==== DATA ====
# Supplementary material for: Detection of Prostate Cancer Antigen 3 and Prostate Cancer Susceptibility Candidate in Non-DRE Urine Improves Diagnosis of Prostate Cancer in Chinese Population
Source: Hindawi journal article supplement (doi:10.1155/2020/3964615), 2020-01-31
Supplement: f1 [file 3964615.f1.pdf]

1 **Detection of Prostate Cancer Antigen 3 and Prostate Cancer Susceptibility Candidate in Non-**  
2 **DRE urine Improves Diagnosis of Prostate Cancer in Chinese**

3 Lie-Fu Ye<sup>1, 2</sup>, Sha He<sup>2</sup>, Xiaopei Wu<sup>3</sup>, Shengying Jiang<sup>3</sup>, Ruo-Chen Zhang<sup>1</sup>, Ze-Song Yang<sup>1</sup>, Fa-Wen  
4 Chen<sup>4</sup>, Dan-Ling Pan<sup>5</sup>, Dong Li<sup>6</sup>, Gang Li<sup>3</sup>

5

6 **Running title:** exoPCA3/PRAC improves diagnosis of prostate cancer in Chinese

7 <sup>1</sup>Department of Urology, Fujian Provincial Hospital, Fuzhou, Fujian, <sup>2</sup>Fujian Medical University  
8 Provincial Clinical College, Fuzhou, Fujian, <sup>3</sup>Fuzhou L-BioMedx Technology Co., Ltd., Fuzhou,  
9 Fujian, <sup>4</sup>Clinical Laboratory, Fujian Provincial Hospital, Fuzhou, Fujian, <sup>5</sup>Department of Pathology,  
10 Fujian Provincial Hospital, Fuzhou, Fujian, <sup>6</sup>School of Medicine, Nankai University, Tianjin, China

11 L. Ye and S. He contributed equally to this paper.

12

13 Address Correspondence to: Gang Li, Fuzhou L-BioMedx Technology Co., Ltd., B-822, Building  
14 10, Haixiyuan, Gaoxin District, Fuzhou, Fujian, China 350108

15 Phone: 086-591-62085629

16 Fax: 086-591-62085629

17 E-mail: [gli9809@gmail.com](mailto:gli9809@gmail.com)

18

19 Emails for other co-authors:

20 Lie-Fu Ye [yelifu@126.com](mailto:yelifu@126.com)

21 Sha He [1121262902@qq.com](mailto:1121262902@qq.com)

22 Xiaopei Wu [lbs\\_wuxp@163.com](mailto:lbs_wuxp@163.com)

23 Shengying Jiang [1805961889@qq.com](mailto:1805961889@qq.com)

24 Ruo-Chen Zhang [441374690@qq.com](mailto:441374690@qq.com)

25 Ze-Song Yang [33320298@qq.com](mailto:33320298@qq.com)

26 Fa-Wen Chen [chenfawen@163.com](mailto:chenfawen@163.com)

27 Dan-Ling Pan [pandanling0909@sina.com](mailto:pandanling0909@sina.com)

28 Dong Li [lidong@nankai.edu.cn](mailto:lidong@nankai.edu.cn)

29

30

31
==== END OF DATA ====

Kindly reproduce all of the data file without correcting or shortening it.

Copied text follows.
# Supplementary material for: Detection of Prostate Cancer Antigen 3 and Prostate Cancer Susceptibility Candidate in Non-DRE Urine Improves Diagnosis of Prostate Cancer in Chinese Population
Source: Hindawi journal article supplement (doi:10.1155/2020/3964615), 2020-01-31
Supplement: f1 [file 3964615.f1.pdf]

1 **Detection of Prostate Cancer Antigen 3 and Prostate Cancer Susceptibility Candidate in Non-**  
2 **DRE urine Improves Diagnosis of Prostate Cancer in Chinese**

3 Lie-Fu Ye<sup>1, 2</sup>, Sha He<sup>2</sup>, Xiaopei Wu<sup>3</sup>, Shengying Jiang<sup>3</sup>, Ruo-Chen Zhang<sup>1</sup>, Ze-Song Yang<sup>1</sup>, Fa-Wen  
4 Chen<sup>4</sup>, Dan-Ling Pan<sup>5</sup>, Dong Li<sup>6</sup>, Gang Li<sup>3</sup>

5

6 **Running title:** exoPCA3/PRAC improves diagnosis of prostate cancer in Chinese

7 <sup>1</sup>Department of Urology, Fujian Provincial Hospital, Fuzhou, Fujian, <sup>2</sup>Fujian Medical University  
8 Provincial Clinical College, Fuzhou, Fujian, <sup>3</sup>Fuzhou L-BioMedx Technology Co., Ltd., Fuzhou,  
9 Fujian, <sup>4</sup>Clinical Laboratory, Fujian Provincial Hospital, Fuzhou, Fujian, <sup>5</sup>Department of Pathology,  
10 Fujian Provincial Hospital, Fuzhou, Fujian, <sup>6</sup>School of Medicine, Nankai University, Tianjin, China

11 L. Ye and S. He contributed equally to this paper.

12

13 Address Correspondence to: Gang Li, Fuzhou L-BioMedx Technology Co., Ltd., B-822, Building  
14 10, Haixiyuan, Gaoxin District, Fuzhou, Fujian, China 350108

15 Phone: 086-591-62085629

16 Fax: 086-591-62085629

17 E-mail: [gli9809@gmail.com](mailto:gli9809@gmail.com)

18

19 Emails for other co-authors:

20 Lie-Fu Ye [yelifu@126.com](mailto:yelifu@126.com)

21 Sha He [1121262902@qq.com](mailto:1121262902@qq.com)

22 Xiaopei Wu [lbs\\_wuxp@163.com](mailto:lbs_wuxp@163.com)

23 Shengying Jiang [1805961889@qq.com](mailto:1805961889@qq.com)

24 Ruo-Chen Zhang [441374690@qq.com](mailto:441374690@qq.com)

25 Ze-Song Yang [33320298@qq.com](mailto:33320298@qq.com)

26 Fa-Wen Chen [chenfawen@163.com](mailto:chenfawen@163.com)

27 Dan-Ling Pan [pandanling0909@sina.com](mailto:pandanling0909@sina.com)

28 Dong Li [lidong@nankai.edu.cn](mailto:lidong@nankai.edu.cn)

29

30

31